"...'In Canaan, prostitution and fertility rites were all mixed up with worship. In Israel, by sharp contrast, anything suggesting the sexual or sensual is strictly banned from the worship of God...The intention is not to write off this side of life as dirty, as is plain elsewhere in scripture. The purpose is to ensure its separation from the worship of God. The rule of strict cleanliness in all sexual matters was also a positive safeguard to health' (Alexander and Alexander, Eerdmans' Handbook to the Bible, p. 176.)'" (Old Testament Institute Manual: Gen - 2 Sam., p. 174)
Interestingly, Mary's birth of the Christ child was an act of holiness not uncleanliness. Through a conception produced without sexual intercourse, Mary became the only virgin mother. That there would be an ordinance for her to purify herself is rather ironic since she had no reason to be purified, for she had not been sullied.
"...just as Christ, though not subject to the Law, wished, nevertheless, to submit to circumcision and the other burdens of the Law, in order to give an example of humility and obedience; and in order to show His approval of the Law; and, again, in order to take away from the Jews an excuse for calumniating Him: for the same reasons He wished His Mother also to fulfil the prescriptions of the Law, to which, nevertheless, she was not subject.
"Although the Blessed Virgin had no uncleanness, yet she wished to fulfil the observance of purification, not because she needed it, but on account of the precept of the Law." (Aquinas, Thomas, Summa Theologica, part 3, Article 4)
Luke 2:23 every male that openeth the womb shall be called holy to the Lord
"The firstborn of every family was to be consecrated to the service of Jehovah as a priest, while the firstborn of all clean animals were to be offered as a sacrifice...The law was a constant reminder that all things belonged to God, who had given his own firstborn as the great and last sacrifice. Obviously, it was also a reminder of what the Lord had done in preserving the firstborn of Israel in Egypt. Afterwards the tribe of Levi was consecrated to the priestly service in lieu of the firstborn of all the tribes. Still, the firstborn of the other tribes were released from this bond only by the payment of a redemption tax of five shekels apiece to the priests of the temple. Joseph and Mary complied with this law when they brought the Christ child to the temple forty days after his birth (Luke 2:23-24)." (Joseph Fielding McConkie, Gospel Symbolism [Salt Lake City: Bookcraft, 1999], 51.)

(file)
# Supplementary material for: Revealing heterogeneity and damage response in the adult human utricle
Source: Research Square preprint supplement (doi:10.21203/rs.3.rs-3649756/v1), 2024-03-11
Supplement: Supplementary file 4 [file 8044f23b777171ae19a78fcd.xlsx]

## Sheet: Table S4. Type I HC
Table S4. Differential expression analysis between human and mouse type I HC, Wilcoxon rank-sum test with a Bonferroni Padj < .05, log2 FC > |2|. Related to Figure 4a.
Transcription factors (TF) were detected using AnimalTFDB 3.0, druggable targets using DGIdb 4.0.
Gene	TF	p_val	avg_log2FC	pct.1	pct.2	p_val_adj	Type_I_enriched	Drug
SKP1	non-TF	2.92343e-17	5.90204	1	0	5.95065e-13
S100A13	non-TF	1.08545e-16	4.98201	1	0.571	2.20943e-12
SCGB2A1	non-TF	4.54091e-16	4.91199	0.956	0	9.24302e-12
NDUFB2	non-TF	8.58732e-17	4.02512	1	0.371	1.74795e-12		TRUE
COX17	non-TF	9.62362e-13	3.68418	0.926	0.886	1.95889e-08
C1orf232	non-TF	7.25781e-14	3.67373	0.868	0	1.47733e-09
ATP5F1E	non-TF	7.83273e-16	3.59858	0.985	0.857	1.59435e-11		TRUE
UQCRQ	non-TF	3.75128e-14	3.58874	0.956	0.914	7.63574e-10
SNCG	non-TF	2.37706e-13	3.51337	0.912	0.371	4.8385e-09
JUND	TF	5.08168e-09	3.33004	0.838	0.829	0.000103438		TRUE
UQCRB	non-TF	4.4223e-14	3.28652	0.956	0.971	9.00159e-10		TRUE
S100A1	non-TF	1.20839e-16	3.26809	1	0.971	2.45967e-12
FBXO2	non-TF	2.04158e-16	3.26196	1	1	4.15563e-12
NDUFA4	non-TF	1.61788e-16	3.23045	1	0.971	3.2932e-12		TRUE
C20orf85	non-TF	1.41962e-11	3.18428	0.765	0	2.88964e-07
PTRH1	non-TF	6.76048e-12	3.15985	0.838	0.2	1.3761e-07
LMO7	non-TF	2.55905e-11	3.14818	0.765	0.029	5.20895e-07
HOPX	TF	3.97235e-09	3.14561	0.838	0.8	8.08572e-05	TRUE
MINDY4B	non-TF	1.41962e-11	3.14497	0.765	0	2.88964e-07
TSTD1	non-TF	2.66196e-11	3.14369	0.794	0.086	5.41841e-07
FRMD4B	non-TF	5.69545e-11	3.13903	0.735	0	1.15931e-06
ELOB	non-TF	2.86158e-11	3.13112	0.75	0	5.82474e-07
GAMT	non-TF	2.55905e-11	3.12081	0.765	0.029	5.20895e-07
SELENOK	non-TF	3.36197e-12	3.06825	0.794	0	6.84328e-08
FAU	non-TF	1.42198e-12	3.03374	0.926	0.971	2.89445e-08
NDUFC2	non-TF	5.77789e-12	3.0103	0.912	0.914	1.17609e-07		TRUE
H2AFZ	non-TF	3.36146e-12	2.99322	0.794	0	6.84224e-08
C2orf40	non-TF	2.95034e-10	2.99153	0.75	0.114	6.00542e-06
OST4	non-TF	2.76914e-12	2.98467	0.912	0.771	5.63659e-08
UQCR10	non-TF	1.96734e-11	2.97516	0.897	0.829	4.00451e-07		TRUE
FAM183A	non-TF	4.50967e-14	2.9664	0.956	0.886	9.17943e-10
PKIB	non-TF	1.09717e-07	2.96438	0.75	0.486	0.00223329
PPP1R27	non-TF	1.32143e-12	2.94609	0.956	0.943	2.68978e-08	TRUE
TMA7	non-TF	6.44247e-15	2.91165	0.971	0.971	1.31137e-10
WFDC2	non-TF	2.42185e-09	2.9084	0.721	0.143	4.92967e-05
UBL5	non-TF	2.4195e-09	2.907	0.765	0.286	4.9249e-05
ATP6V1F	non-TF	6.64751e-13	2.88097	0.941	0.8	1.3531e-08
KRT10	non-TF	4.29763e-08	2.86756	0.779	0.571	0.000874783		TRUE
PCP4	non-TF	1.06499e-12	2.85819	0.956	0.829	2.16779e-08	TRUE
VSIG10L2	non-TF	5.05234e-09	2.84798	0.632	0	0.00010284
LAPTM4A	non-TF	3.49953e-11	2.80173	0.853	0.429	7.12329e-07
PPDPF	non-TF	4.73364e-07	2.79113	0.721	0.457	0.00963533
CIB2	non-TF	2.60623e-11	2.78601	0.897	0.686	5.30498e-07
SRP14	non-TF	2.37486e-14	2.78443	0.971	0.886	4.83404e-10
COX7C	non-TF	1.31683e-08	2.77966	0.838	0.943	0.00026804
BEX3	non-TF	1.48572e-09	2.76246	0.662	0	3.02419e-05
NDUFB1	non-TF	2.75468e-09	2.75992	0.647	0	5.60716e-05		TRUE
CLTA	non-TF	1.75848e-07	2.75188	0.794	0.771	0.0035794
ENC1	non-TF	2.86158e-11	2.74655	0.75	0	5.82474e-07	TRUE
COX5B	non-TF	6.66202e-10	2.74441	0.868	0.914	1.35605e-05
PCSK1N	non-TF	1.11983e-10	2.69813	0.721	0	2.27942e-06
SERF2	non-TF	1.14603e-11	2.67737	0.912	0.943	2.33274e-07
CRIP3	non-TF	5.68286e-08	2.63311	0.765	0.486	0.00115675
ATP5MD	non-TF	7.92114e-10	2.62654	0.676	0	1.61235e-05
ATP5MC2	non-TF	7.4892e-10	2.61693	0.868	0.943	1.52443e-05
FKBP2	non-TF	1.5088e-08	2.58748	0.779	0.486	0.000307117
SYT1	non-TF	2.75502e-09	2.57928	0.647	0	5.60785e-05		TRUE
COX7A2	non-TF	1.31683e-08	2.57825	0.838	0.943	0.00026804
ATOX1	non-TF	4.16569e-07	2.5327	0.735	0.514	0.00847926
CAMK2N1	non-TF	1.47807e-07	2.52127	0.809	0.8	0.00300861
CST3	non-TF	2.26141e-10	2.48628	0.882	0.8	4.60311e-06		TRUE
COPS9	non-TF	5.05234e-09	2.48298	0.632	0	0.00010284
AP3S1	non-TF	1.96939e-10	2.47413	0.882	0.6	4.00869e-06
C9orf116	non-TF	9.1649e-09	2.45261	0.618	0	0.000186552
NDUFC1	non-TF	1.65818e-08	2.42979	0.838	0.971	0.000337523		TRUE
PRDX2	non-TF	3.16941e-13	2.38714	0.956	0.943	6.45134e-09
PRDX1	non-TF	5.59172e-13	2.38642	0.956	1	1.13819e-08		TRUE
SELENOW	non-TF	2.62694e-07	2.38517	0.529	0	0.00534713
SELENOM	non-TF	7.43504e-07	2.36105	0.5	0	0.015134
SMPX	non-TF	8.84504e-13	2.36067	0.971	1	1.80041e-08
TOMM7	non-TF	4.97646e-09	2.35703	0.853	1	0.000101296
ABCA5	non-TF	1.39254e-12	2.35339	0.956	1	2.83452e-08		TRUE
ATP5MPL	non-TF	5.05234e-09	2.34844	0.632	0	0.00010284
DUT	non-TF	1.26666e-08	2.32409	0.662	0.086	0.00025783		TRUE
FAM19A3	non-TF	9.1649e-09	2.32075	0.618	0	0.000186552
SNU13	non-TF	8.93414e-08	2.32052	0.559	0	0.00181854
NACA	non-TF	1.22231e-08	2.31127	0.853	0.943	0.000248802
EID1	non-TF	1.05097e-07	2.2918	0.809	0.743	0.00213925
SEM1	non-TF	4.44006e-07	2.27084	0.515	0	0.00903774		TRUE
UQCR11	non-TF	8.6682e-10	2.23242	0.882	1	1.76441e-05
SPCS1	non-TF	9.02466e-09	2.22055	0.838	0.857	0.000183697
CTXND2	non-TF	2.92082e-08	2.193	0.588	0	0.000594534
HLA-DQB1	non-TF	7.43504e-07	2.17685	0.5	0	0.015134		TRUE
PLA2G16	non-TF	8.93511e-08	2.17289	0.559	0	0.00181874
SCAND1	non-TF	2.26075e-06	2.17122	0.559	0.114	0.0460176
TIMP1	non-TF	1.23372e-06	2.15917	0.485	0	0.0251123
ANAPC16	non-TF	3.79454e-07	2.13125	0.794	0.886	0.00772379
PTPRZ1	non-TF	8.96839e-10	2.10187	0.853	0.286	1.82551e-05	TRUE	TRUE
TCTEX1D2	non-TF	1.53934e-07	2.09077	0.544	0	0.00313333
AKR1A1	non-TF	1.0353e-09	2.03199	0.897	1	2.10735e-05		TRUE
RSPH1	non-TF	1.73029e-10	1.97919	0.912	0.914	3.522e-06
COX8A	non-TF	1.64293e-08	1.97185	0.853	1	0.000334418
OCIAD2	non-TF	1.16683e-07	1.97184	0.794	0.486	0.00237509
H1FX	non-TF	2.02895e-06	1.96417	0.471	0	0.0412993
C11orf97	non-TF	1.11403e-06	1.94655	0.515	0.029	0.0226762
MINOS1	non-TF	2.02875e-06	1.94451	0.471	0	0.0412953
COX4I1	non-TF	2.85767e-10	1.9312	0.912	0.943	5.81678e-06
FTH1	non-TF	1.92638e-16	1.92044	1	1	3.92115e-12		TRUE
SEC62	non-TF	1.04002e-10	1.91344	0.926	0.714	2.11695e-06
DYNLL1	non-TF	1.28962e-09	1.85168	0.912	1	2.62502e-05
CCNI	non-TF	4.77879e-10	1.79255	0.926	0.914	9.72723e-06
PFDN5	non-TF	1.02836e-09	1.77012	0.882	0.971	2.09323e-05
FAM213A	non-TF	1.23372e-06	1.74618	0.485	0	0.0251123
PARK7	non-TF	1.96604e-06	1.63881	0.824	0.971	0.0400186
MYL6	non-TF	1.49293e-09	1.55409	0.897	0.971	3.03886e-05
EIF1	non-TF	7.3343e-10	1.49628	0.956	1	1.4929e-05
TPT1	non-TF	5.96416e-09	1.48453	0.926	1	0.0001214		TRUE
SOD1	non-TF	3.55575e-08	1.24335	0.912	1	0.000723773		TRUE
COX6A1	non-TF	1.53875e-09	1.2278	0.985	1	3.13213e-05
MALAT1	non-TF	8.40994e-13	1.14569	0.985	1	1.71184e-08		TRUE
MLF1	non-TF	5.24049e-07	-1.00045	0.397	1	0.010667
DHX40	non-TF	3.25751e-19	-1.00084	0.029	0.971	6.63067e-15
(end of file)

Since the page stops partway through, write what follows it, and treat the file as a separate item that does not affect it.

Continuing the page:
Luke 2:25-38 The testimonies of Simeon and Anna
Dallin H. Oaks
"Apostles have the calling and ordination to be special witnesses of the name of Christ in all the world (see D&C 107:23), but the duty to witness and testify of Christ at all times and in all places applies to every member of the Church who has received the testimony of the Holy Ghost.
"The book of Luke records two examples of this. In obedience to the law of Moses, Joseph and Mary brought the infant Jesus to the temple at Jerusalem after forty days, to present him to the Lord. There, two aged and spiritual temple workers received a witness of his identity and testified of him. Simeon, who had known by revelation from the Holy Ghost that he should not taste of death until he had seen the Messiah, took the infant in his arms and testified to his divine mission. (See Luke 2:25-35.) Anna, whom the scripture called 'a prophetess' (Luke 2:36), recognized the Messiah 'and spake of him to all them that looked for redemption in Jerusalem' (Luke 2:38).